About this time every year, everyone begins buzzing about combine training, obviously due the NFL Combine's television coverage. The top collegiate players, looking to improve their draft stock, begin working out at facilities across the country to try and gain that small edge that they didn't have before. This trickles down to the high school level, as combines and select camps have grown into a powerful recruiting tool and all participants want to be at their best as they go through testing and position drills in front of scouts and selection committees.
It seems only natural that when something is on the line, people get focused. What has bothered me about the process is that athletes start training harder and more often leading up to a combine, and they train for the combine's specific events. First, if you truly want to be better at your craft, shouldn't you always be training hard? If you feel the need to pick up your training regimen leading up to a camp or combine, then how hard were training beforehand?
Second, when players begin training for a specific event at a combine, they lose sight of what the sport is really about. For example, take the NFL's Bench Press test, where players try to press 225lbs as many times as they can. Some players reach as high as 50 repetitions, which is truly a feat in and of itself, but how well does that translate to football? How often are we on our backs pushing objects off of ourselves 50 times? High repetitions on the Bench Press becomes strength endurance, not maximal strength. In football, we utilize maximal strength more than strength endurance.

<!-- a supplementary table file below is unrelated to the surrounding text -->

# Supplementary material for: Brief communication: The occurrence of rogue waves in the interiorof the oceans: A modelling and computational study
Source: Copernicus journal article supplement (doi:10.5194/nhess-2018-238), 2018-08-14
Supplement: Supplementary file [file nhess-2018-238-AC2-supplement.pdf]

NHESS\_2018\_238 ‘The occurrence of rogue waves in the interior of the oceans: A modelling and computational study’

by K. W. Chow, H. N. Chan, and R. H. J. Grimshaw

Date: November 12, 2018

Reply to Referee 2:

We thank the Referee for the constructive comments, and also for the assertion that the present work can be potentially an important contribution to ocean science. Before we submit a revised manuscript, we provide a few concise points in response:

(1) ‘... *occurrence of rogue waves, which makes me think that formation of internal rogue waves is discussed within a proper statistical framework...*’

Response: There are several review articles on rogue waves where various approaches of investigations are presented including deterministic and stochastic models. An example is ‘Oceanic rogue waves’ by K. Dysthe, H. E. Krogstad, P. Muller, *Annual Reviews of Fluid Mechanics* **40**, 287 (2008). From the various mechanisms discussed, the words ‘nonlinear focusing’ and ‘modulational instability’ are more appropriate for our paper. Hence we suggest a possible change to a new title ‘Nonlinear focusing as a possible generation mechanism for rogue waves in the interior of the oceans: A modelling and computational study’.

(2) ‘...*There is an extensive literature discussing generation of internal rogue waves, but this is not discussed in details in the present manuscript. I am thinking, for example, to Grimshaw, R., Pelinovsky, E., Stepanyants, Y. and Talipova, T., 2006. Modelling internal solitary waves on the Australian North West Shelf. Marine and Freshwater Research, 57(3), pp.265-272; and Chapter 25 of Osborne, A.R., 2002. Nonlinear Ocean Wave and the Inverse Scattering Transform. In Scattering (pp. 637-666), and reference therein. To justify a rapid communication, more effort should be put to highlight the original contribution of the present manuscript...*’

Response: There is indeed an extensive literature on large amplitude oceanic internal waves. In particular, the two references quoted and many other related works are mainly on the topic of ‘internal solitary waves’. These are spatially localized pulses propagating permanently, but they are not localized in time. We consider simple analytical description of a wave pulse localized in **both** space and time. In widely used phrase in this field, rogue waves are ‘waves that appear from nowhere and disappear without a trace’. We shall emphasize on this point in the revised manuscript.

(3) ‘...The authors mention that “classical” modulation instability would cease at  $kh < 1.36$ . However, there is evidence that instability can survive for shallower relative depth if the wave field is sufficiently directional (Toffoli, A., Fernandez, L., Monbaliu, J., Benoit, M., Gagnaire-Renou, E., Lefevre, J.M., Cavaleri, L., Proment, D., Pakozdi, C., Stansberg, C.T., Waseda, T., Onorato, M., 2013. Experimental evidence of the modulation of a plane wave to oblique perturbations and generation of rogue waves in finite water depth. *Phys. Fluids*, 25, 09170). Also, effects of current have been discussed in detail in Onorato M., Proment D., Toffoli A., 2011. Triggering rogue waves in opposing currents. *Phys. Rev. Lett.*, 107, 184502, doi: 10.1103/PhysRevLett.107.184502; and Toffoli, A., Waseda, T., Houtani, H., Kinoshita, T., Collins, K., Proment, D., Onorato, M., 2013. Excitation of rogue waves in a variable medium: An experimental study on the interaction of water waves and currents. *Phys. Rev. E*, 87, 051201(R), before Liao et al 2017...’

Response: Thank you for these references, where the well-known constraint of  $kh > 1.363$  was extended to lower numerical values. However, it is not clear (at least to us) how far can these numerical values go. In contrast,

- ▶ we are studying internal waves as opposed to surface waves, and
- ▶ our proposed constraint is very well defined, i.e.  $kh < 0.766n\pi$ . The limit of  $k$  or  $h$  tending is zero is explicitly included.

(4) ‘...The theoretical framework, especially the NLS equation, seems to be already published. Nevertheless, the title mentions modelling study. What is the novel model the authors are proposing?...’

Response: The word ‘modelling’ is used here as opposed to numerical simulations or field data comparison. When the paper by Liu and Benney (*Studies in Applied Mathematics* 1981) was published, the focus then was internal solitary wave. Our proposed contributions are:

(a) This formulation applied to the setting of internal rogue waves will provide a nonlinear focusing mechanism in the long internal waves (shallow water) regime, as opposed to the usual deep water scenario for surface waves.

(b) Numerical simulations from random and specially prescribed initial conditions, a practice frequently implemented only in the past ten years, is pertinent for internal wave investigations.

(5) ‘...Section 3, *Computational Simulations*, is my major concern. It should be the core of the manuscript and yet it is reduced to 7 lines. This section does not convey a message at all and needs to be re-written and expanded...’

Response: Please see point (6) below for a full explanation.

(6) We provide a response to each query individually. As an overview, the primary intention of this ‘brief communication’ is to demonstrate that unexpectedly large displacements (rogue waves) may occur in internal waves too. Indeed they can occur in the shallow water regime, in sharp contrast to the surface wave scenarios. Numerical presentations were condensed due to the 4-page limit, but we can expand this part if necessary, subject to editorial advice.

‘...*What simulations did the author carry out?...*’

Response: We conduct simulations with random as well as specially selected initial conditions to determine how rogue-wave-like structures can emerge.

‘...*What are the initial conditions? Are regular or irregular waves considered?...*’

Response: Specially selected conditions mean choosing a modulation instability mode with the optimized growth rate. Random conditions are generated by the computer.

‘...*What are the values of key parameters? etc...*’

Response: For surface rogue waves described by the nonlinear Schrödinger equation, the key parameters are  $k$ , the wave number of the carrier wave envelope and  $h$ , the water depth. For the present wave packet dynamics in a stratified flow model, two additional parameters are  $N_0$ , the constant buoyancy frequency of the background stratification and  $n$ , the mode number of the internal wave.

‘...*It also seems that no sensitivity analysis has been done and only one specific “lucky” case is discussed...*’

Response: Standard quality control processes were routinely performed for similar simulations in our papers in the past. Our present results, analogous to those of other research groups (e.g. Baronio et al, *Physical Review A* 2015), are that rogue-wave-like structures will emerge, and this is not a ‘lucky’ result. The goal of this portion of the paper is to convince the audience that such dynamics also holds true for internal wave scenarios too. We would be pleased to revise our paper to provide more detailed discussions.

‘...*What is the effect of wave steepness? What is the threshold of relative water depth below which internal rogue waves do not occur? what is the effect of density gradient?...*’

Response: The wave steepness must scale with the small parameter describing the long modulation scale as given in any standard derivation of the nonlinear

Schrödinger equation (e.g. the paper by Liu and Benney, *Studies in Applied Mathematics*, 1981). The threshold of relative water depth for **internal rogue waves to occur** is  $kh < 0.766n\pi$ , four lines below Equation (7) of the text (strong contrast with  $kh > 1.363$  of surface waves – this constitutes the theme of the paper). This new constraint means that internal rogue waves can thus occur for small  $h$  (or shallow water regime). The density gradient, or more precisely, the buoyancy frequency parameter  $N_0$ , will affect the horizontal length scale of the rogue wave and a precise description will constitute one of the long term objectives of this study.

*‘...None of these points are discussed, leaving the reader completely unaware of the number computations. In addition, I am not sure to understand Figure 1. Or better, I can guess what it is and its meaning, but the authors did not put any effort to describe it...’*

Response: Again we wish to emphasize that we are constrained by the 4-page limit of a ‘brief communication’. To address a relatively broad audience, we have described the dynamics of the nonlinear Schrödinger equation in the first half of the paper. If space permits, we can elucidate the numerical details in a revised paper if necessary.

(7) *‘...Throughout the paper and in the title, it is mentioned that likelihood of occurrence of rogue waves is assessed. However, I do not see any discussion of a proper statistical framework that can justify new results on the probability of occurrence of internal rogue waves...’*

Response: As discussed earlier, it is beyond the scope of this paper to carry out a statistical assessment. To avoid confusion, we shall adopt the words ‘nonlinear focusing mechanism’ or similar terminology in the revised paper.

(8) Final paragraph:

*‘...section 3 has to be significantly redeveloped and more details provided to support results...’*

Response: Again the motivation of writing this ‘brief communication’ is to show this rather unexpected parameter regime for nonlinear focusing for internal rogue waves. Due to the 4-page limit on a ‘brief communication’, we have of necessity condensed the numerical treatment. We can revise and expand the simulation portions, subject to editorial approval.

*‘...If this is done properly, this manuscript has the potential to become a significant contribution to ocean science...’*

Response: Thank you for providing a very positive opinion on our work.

The same principle is in place for most tests, like the 40 time, the most highly scrutinized test of them all. We change a linebacker's "stock" based on a fast or slow 40 time, but more often than not, linebackers are moving laterally, backpedaling, changing direction, flipping their hips, etc. All that time spent towards improving a 40 yard dash may help their draft stock, but work on change of direction and mutli-directional speed would have made them a better football player.
My end point is that while combines and camps are an integral part of our game, and a great scouting tool, don't lose sight of the game in favor of the combines. Work hard all year, not just in the weeks leading up to the event. And, train to become a better football player as opposed to just training to be better at a particular test. If your limiting factor happens to overlap with a test, then it's a happy coincidence. Train hard, train right, all year!
SPU's Alex Drayson writes the SPU Football Performance Blog.